I had an interesting meeting yesterday with a marketing manager about a product I first heard about nearly two years ago. Whisk(e)y. Whisk(e)y being made in Cleveland. Whisk(e)y being made in Cleveland that isn’t aged in barrels. Whisk(e)y being made in Cleveland that isn’t aged in barrels but is being forced matured through a patent pending process of temperature and pressure change. It’s called… wait for it… Cleveland Whiskey. When this hits the market it’s going to cause a stir. The purists will rise up and there will be lamentations. Owner Tom Lix will be branded a heretic.
Tom’s an interesting guy. His distilling background stems from time spent in the Navy making ‘pruno’ (Google it) and running it through a still inspired by the TV show M.A.S.H. Perhaps not quite the pedigree of say Booker Noe, but Tom’s business background in consulting (Guinness, PepsiCo, Burger King, Harrah’s Entertainment, Inter Continental Hotel Group) is impressive and leads me to believe he might know a bit about business. Armed with a grant or two, the blessing of the American Distilling Institute, and entrepreneurial fearlessness, he’s poised to change the financial landscape of whisk(e)y production. Imagine if he is able to get good, or perhaps great whisk(e)y to market five or ten times quicker than his competitors.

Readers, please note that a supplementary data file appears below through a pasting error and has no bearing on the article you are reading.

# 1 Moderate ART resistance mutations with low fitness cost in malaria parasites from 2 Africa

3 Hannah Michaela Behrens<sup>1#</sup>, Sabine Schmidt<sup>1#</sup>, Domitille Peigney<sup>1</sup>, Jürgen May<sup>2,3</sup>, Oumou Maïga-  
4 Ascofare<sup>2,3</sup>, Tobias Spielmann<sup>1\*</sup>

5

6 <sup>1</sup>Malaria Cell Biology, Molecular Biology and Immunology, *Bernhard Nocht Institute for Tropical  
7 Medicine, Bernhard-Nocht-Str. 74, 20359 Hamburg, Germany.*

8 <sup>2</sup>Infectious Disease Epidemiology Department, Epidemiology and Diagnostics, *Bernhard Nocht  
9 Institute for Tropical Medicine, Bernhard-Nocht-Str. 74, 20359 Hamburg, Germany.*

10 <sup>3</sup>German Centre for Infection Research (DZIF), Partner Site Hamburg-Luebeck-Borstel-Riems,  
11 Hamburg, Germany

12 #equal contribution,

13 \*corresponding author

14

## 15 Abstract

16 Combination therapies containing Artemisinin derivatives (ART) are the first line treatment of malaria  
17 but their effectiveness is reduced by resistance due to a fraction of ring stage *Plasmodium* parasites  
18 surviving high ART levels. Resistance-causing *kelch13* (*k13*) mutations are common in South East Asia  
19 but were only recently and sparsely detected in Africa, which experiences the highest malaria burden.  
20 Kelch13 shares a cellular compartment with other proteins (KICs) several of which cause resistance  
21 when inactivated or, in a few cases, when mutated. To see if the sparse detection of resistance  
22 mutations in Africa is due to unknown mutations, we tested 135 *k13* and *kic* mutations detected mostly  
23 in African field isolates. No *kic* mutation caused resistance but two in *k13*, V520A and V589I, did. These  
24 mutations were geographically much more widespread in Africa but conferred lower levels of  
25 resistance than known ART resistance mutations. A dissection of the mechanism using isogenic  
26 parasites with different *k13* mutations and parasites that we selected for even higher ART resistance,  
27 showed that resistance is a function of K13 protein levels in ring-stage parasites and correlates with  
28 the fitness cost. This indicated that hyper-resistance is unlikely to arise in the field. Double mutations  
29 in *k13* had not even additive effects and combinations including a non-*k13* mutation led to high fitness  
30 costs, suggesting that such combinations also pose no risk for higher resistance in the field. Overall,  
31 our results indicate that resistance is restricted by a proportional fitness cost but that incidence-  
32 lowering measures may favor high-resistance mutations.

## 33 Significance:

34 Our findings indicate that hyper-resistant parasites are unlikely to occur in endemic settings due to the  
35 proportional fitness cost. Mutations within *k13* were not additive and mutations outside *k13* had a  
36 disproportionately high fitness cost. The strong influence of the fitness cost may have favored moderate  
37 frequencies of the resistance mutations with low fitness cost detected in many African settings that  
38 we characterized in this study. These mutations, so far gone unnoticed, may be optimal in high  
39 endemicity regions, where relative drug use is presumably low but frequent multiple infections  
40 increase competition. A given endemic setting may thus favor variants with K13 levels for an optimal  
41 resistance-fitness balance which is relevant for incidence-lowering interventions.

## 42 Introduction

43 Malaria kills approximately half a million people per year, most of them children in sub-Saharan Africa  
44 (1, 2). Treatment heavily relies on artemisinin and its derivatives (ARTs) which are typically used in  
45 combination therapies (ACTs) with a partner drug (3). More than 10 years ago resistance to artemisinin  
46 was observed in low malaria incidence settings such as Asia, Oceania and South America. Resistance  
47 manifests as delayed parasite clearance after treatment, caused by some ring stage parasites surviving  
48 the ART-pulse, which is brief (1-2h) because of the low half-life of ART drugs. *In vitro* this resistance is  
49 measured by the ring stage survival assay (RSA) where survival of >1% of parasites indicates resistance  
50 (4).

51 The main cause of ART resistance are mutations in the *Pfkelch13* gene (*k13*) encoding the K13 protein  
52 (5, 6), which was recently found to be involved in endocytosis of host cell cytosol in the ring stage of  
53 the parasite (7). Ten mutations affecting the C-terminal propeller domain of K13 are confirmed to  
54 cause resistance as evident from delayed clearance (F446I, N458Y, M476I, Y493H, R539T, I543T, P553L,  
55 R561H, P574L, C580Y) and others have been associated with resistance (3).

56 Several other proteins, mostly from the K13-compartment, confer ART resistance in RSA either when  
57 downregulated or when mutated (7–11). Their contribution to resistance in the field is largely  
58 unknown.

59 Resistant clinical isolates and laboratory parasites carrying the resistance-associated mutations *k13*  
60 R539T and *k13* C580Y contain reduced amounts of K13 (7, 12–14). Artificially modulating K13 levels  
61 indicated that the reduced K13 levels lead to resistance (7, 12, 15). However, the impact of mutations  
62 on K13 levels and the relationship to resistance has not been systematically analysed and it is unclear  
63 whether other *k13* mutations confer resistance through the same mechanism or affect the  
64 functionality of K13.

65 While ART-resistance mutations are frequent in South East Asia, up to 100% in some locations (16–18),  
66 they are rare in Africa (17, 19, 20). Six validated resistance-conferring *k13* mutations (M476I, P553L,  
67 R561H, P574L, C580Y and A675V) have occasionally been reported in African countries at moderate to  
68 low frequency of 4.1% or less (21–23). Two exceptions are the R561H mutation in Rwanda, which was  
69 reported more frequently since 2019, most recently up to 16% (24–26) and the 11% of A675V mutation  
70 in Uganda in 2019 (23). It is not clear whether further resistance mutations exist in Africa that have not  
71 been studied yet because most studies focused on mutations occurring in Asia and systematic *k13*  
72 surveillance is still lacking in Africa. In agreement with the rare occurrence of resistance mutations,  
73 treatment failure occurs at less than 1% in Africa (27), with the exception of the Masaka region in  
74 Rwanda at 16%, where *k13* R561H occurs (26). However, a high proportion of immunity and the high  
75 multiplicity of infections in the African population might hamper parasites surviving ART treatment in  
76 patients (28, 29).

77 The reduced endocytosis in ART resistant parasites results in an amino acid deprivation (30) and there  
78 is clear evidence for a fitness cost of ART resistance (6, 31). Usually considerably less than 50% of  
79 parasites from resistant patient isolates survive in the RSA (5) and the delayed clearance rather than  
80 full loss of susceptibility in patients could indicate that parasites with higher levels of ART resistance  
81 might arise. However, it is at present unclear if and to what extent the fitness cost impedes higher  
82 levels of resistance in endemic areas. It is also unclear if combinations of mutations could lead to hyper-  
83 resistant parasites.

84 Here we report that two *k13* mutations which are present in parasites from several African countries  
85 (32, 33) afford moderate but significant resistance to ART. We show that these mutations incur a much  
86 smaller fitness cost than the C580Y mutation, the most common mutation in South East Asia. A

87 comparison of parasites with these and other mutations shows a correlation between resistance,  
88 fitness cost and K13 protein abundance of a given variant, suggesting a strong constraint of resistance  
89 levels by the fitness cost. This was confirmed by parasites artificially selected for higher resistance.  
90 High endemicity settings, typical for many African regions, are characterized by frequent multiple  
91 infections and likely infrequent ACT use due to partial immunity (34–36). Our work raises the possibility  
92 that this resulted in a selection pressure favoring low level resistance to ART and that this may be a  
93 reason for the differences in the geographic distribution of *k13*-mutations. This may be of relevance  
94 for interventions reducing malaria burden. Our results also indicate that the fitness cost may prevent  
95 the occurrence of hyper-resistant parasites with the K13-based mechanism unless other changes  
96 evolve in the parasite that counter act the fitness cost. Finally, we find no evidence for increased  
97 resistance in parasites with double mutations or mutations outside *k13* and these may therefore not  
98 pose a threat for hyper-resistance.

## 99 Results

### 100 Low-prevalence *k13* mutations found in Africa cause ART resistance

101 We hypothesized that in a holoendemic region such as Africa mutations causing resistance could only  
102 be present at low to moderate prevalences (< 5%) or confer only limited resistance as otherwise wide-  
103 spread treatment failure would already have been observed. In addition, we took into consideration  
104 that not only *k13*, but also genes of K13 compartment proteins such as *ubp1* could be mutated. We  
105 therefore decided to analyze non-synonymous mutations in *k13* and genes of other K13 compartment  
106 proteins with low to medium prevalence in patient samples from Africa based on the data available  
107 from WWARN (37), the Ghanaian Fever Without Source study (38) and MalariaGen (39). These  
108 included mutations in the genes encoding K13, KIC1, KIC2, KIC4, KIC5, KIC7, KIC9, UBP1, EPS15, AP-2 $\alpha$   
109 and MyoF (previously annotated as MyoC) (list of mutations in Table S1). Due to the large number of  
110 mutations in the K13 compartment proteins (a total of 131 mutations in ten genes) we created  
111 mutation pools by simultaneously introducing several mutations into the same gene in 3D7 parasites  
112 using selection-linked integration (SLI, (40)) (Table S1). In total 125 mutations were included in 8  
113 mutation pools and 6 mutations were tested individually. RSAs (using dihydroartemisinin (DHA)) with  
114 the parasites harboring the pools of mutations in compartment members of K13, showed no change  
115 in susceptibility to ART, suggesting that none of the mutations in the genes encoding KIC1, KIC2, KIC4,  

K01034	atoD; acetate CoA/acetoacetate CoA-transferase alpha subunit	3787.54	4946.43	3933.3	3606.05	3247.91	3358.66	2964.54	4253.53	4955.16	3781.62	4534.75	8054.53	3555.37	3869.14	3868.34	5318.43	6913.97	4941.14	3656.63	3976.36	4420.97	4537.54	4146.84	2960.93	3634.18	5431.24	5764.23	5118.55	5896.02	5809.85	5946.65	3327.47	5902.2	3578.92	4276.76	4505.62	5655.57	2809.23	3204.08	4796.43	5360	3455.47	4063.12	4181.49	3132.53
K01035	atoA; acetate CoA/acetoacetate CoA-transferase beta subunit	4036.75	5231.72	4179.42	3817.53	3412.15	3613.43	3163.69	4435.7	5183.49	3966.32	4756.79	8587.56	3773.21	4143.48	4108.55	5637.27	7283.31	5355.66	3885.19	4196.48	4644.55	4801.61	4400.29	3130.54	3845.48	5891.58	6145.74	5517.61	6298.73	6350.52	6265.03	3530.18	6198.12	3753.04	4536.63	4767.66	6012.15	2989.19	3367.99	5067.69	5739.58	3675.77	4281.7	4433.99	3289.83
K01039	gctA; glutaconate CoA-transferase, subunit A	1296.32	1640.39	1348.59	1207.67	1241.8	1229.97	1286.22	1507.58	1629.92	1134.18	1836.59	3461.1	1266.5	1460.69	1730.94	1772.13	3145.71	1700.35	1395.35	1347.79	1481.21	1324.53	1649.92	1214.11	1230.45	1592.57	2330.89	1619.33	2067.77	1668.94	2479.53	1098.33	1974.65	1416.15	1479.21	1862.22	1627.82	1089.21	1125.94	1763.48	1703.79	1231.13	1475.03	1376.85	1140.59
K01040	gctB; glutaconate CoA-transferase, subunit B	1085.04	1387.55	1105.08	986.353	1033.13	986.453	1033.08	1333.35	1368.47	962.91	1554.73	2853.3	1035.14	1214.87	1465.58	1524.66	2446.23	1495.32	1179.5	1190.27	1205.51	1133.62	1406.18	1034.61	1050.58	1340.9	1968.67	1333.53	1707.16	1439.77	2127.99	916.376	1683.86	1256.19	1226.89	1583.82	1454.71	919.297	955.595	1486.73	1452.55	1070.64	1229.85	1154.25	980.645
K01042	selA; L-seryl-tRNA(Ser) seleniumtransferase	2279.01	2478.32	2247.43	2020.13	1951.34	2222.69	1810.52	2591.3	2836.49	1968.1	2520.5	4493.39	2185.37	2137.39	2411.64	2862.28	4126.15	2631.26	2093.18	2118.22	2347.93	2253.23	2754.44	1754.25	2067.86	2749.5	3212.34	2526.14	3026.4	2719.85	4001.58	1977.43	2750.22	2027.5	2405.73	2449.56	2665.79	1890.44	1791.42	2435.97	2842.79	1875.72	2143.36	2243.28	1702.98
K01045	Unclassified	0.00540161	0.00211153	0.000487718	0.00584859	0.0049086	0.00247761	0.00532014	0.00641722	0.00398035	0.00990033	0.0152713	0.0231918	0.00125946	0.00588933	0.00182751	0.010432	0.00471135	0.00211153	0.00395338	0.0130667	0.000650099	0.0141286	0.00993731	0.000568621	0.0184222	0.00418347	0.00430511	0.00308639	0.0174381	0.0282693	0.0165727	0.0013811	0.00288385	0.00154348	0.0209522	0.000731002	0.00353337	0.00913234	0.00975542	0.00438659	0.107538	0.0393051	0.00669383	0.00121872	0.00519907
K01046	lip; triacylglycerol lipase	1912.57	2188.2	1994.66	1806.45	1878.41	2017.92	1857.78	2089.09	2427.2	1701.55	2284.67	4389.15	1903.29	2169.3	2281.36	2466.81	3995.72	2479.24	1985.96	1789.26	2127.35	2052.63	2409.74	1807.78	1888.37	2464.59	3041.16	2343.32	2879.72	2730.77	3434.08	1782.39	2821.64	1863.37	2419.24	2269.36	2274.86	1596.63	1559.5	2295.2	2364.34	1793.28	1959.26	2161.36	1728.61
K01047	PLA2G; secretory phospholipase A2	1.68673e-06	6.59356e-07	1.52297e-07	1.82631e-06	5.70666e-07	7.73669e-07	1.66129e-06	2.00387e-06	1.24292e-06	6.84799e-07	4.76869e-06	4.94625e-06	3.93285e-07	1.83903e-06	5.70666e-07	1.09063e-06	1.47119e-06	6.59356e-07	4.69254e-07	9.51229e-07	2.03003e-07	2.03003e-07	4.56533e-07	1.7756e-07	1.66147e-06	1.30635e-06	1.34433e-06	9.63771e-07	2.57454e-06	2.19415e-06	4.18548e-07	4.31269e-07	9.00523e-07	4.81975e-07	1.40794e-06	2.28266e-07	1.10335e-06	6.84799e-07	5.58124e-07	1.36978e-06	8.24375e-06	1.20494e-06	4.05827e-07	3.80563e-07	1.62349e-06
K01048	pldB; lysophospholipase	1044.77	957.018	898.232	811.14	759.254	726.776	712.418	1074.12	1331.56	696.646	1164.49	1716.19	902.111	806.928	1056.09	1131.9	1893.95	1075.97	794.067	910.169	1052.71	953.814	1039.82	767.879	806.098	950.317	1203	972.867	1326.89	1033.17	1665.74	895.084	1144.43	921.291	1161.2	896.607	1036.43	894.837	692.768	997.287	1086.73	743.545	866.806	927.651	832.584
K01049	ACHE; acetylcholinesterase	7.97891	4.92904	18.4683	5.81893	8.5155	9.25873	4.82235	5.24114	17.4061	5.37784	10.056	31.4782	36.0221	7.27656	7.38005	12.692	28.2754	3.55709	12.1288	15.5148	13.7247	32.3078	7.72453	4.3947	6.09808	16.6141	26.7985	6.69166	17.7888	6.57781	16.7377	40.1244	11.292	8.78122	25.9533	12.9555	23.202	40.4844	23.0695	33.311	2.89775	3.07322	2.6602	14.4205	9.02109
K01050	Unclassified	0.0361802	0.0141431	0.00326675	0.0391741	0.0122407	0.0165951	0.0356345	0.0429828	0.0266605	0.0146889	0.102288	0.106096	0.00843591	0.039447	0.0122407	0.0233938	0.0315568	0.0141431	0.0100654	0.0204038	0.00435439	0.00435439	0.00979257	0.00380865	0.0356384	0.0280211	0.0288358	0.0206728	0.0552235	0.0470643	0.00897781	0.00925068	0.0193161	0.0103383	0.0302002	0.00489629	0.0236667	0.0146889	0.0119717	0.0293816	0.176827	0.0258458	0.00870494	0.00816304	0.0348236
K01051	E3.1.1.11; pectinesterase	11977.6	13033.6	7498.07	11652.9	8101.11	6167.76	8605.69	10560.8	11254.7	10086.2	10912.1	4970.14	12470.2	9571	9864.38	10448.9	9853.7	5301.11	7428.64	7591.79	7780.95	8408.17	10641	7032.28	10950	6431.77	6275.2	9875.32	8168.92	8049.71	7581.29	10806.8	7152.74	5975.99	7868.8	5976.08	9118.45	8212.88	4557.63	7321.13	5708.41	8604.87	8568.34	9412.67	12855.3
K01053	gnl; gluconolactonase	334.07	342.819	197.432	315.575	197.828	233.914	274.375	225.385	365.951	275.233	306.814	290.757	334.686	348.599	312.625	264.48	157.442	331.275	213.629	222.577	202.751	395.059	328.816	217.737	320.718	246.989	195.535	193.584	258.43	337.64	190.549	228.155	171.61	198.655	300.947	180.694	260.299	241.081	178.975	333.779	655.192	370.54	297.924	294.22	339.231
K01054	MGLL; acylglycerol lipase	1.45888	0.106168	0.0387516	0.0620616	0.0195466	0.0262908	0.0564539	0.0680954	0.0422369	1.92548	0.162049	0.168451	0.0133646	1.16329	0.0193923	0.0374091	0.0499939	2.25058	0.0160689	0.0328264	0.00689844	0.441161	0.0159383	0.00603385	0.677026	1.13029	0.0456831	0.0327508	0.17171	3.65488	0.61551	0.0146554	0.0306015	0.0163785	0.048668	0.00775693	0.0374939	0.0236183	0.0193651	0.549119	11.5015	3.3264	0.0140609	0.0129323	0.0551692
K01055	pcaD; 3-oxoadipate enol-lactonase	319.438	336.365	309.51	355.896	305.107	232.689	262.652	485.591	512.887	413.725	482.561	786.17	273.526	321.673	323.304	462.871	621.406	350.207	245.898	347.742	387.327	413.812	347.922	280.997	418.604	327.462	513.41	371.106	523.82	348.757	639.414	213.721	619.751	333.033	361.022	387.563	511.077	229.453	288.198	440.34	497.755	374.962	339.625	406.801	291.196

Innovation. We like to applaud it. But boy we don’t like people to screw with the things we love. Guess what, winemakers, distillers, and brewmasters have been finding ‘shortcuts’ for hundreds of years to get product to market quicker, to lower cost of goods, and to dodge the tax man. News flash – making booze is business. Nothing affects what’s in the bottle more than business climate and technology. Irish stills are giant because distillers at one time were taxed on the number of stills owned, the column still, when introduced in the early 1800’s, erased hundreds of man hours of labor, and Makers Mark released their first new product in fifty years utilizing wooden staves swimming in their barrels to accelerate maturation. Each of these innovations changed the product in the bottle and ensured better profits for operators. Cleveland Whiskey is simply following what business rule number one has dictated since the dawn of time – be profitable.
To the purists who are sharpening their pitchforks and gathering with lit torches, remember, the Great Drought of 2012 is going to spike corn prices and cause whisk(e)y prices to rise. We may find that Tom Lix isn’t a heretic, but a savior.
Cleveland Whiskey LLC hopes to have product to market fall of 2012. visit their website at http://www.clevelandwhiskey.com